Bad Advice From Henry Ford
Practical Tips for Startups: Listen to customers, stay rational. [Final Part 10]
For the months that I’ve been writing these stories about entrepreneurship I have been advising new entrepreneurs and their startups. But for the first time in nearly 30 years, I am not in their shoes in a fast growth tech company myself.
The perspective has been eye opening.
Watching and listening to new startups I often see and hear the same kinds of mistakes taking shape that were warned of in parts 1–9 of this series. I marvel, sometimes in dismay, at how perfectly rational and intelligent people check their reason at the door when they start a business.
You would never dream of attempting a complex construction project (at least I hope you wouldn’t) without proper training and expert guidance. You would be sure to learn from the lessons of others so as not to repeat their mistakes and have your house fall down.
Yet every day, it seems, scores of people start companies — and continue to run them for months and years — based on emotional assumptions. And they continue to do it — until they run out of money. Sometimes they raise more money. Then they run out of that money too.
Why? Because they are not listening to customers and meeting their real needs. Instead, they convince themselves that if they can just get their message through, people will figure it out and start buying. Instead of learning from negative customer feedback they say, “That customer just doesn’t get it.”
Oh, somebody doesn’t “get it” alright, but it’s not the customer.
Want to start a successful business? Talk to 100 customers and log their responses before you start anything. And be sure to ask the right kinds of questions. Learn from good resources about conducting customer interviews, here’s an example.
Henry Ford allegedly said, “If I had asked my customers what they wanted they would have said a faster horse.” With due respect to Mr. Ford, if he did indeed say that, he is responsible for giving really terrible advice to millions of entrepreneurs who came after him.
If he’d asked his customers the wrong questions then sure, they might have said they wanted a faster horse. But if Ford had asked them the right questions, customers would have described their desire and need for his automobile quite effectively.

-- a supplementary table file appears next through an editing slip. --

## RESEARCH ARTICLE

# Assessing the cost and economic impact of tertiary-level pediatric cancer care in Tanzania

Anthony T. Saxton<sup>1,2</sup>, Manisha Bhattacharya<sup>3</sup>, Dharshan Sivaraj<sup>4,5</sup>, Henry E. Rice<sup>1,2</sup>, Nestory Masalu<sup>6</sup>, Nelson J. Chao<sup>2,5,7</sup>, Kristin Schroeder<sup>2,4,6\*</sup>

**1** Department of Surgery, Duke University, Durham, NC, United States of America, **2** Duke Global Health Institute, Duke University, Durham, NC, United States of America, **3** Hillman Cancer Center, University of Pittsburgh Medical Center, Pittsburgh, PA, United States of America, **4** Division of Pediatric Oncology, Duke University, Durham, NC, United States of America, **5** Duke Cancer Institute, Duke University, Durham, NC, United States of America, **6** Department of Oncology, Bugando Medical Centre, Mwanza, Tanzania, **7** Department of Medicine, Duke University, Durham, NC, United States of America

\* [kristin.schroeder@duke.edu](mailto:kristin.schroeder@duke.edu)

Smart entrepreneurs listen to customers. Smart entrepreneurs also spend a lot of time thinking about the money they hope to collect. They think about exactly what else is competing for the dollars they hope to claim as revenue for their new business. Who decides to buy, when? How is that person’s job affected by the buying decision, what do they have to lose/gain?
Customers are people. People are complicated. They often don’t do what we expect or want and for reasons we often don’t even see. Getting inside the customer’s head and understanding the other pressures influencing their buying is not easy. But there is no point in starting a business if one isn’t willing to do that work. And willing to keep doing it all the time.
Entrepreneurs need to believe in themselves when no one else does. That takes an emotional drive. When emotional drive becomes emotional attachment to an idea, things get dangerous. Businesses can be hard to stop once they get going. People with entrepreneurial leanings do not tend to give up.
The way to keep from getting into a situation where your business digs a deeper financial hole every day is to stop it before it starts. Get with those customers and listen. Really listen. Be ready to radically change your idea or even toss it out and pursue a different one based on the feedback you get. Do this and your business will start out aimed at a real market need. Do this and you will be in rare company among startups.
Too many entrepreneurs take the value of their idea as a given and focus on how to execute. They start spending money, designing and building product, and even trying to sell it. Only to find out customers are not that interested.
Execution comes after careful work is done to learn exactly what to execute on. Creating demand — creating a need to execute — is what should concern you in the early days.
Be emotional about your commitment to your business, your team and your customers.
Be painstakingly rational about exactly who will buy your product and why.
If you can do those things as an entrepreneur, you just might be the real deal. I look forward to meeting you one day.
I hope you’ve gotten some value out of this little series of stories. My thoughts based on decades in the startup trenches.
I’ll be back soon with thoughts on related topics.